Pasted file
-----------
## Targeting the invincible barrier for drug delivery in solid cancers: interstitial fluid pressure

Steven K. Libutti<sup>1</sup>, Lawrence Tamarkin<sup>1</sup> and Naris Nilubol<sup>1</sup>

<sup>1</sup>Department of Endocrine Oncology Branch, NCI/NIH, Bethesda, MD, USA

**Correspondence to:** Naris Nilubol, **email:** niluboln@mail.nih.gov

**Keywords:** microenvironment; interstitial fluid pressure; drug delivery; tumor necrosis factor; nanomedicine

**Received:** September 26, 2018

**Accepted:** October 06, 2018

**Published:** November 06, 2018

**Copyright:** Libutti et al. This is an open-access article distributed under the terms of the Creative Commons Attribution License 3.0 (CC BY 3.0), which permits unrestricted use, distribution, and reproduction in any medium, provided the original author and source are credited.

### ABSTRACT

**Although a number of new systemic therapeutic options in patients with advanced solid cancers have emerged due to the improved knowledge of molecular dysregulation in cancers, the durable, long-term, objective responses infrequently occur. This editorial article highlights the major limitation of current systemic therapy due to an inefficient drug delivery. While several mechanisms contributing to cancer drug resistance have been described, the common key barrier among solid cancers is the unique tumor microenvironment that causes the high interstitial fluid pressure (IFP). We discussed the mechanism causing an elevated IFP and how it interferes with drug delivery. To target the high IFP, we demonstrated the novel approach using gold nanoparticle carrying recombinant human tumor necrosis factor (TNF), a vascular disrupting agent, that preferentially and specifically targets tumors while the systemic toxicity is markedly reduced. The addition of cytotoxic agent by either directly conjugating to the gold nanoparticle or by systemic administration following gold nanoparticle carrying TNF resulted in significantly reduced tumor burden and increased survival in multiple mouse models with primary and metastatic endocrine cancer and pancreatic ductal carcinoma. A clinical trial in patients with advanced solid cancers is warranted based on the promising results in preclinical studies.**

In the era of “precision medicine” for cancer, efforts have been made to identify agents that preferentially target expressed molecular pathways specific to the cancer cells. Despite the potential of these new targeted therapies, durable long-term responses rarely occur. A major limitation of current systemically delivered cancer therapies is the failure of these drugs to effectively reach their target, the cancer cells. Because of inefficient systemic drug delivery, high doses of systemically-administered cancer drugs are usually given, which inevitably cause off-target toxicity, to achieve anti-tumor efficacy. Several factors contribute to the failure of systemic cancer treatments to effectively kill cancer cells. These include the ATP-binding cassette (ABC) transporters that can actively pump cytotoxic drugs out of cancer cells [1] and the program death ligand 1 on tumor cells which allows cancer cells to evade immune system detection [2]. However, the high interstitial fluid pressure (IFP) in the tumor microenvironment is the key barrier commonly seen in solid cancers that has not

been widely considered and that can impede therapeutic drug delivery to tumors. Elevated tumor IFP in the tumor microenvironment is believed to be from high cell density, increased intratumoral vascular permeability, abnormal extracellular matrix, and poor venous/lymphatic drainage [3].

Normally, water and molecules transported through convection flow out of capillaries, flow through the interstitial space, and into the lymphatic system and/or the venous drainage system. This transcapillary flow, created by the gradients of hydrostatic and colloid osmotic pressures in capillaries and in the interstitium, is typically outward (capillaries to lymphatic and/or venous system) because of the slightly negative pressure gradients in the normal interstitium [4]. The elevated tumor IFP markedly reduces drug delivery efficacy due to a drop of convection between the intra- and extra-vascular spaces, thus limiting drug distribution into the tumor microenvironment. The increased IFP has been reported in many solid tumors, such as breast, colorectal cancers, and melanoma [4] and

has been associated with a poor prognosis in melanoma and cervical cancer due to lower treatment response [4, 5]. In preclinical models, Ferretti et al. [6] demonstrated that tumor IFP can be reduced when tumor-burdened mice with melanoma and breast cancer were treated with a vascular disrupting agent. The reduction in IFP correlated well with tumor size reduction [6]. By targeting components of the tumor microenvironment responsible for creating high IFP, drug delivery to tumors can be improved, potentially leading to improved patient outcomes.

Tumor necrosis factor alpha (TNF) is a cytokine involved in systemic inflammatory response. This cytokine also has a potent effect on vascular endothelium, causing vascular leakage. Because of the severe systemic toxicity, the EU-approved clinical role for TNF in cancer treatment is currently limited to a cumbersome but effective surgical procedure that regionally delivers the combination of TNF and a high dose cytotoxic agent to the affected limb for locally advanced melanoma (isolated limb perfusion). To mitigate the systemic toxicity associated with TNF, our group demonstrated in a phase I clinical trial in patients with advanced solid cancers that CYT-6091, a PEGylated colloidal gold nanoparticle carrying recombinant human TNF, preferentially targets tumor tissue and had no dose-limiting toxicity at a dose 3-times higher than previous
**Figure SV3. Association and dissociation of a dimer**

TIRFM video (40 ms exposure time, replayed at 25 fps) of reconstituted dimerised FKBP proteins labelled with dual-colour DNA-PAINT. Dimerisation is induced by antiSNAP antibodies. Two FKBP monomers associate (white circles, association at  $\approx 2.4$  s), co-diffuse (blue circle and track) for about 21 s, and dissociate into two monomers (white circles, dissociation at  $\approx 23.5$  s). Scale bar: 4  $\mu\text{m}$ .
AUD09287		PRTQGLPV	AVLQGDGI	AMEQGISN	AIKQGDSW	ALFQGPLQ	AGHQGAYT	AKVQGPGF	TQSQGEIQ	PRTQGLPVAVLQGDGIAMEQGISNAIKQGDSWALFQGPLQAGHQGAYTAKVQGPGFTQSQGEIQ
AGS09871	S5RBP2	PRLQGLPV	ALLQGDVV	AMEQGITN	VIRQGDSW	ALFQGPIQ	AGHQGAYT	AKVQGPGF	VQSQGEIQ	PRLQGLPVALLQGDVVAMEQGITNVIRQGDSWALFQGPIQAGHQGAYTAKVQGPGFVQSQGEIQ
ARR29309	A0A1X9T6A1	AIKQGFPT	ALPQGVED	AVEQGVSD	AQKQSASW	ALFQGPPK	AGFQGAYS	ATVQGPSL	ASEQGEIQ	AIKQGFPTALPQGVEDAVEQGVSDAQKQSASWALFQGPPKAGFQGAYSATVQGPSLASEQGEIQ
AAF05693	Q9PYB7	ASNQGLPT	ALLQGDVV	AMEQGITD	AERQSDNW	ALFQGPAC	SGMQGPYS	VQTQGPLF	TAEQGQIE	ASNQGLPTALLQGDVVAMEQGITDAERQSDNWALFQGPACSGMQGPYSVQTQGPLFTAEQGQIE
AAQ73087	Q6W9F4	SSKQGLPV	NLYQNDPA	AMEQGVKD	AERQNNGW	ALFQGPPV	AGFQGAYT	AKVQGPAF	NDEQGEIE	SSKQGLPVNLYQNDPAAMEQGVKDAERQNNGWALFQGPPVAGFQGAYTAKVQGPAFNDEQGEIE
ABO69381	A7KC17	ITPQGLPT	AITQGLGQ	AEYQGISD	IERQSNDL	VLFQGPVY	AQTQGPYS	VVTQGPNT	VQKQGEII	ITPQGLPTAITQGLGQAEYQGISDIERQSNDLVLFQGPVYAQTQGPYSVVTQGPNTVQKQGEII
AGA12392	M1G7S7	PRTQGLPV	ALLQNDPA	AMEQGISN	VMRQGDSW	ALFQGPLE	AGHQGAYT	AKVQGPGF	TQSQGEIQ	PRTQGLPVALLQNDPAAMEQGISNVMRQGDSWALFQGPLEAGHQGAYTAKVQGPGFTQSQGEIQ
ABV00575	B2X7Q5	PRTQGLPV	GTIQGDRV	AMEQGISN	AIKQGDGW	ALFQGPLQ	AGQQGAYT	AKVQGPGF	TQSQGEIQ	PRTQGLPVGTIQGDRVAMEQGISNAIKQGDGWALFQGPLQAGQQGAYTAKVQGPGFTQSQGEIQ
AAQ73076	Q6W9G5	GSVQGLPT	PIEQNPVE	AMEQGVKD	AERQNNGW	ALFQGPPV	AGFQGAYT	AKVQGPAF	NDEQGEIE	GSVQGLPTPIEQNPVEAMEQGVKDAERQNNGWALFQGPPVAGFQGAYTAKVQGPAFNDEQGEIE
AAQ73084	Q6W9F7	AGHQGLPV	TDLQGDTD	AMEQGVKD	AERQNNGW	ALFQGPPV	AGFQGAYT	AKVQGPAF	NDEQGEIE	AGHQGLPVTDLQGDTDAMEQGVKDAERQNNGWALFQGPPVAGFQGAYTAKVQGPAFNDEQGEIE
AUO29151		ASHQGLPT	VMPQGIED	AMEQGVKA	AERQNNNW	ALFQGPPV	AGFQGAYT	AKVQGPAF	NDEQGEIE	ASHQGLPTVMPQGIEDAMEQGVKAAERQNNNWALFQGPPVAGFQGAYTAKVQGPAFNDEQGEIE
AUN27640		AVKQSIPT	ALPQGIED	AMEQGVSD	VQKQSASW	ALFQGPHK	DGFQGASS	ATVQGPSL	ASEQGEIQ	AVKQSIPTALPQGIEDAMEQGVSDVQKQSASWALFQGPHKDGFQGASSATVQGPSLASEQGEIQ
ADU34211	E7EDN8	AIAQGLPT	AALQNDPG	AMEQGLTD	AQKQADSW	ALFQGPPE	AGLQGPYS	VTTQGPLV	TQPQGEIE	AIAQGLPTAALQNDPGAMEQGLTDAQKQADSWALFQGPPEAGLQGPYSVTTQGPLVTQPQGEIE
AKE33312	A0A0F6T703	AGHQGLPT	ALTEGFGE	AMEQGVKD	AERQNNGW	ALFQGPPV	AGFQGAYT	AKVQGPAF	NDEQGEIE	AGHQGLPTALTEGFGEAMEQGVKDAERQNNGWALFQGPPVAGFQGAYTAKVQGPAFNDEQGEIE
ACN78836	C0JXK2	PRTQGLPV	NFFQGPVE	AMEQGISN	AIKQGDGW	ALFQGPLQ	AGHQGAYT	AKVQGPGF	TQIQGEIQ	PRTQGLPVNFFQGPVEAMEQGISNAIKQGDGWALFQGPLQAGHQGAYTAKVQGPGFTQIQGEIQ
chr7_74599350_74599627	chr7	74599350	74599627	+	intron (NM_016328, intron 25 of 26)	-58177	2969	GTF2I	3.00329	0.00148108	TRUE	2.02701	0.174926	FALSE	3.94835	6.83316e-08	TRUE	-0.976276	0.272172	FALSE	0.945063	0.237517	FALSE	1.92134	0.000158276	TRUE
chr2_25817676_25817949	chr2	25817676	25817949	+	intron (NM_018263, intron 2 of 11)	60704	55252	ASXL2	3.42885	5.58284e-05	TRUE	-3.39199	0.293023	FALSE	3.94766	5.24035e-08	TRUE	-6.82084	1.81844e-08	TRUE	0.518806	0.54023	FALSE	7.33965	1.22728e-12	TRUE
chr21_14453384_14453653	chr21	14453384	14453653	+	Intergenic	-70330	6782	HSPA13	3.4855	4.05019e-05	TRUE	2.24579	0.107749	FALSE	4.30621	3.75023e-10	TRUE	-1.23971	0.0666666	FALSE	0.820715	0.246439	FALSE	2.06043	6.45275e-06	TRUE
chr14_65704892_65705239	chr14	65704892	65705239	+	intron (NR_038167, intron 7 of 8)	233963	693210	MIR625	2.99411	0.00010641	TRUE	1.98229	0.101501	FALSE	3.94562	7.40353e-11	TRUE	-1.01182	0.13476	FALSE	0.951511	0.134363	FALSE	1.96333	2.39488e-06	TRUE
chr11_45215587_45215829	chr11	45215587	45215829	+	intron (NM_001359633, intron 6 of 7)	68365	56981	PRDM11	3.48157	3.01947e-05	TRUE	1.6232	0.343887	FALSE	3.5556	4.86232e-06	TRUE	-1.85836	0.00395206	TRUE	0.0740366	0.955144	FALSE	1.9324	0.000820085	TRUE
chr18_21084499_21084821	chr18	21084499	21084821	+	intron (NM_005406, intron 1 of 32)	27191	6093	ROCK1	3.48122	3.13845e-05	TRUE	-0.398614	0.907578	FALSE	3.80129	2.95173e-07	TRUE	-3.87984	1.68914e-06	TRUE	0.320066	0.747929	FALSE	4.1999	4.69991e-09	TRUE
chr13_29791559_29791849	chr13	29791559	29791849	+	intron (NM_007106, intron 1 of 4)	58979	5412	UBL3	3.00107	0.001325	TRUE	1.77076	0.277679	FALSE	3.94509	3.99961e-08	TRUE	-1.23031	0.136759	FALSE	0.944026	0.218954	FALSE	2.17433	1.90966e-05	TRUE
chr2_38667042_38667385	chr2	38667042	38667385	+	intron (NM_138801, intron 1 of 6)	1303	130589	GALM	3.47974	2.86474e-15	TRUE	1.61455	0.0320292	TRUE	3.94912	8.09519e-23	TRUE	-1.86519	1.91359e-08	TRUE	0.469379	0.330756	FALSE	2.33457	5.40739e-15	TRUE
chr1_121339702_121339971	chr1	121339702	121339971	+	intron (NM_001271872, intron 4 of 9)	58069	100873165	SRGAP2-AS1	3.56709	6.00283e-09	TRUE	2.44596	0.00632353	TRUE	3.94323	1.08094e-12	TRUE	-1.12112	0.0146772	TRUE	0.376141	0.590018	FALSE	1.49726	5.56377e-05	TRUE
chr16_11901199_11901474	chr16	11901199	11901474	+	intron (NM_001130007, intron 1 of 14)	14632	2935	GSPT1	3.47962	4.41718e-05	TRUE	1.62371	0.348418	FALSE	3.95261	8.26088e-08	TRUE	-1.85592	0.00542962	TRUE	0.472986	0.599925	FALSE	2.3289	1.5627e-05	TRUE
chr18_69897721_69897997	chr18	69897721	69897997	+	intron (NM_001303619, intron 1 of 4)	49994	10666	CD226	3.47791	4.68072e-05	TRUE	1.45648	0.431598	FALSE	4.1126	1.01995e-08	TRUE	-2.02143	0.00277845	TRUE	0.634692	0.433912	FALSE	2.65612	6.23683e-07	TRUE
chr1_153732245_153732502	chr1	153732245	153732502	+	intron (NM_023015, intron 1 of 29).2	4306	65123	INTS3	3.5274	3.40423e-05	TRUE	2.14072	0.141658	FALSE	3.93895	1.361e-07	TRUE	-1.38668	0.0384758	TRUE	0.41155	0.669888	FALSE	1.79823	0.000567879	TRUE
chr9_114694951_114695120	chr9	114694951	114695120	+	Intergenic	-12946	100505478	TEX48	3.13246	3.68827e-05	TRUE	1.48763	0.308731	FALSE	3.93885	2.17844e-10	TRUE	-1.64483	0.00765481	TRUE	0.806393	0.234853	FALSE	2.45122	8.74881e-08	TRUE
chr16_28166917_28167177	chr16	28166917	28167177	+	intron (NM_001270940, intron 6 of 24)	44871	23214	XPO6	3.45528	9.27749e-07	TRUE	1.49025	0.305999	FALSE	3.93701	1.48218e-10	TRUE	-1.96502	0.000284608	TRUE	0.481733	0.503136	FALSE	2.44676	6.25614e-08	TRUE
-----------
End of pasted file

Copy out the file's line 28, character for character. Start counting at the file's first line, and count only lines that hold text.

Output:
AAQ73084	Q6W9F7	AGHQGLPV	TDLQGDTD	AMEQGVKD	AERQNNGW	ALFQGPPV	AGFQGAYT	AKVQGPAF	NDEQGEIE	AGHQGLPVTDLQGDTDAMEQGVKDAERQNNGWALFQGPPVAGFQGAYTAKVQGPAFNDEQGEIE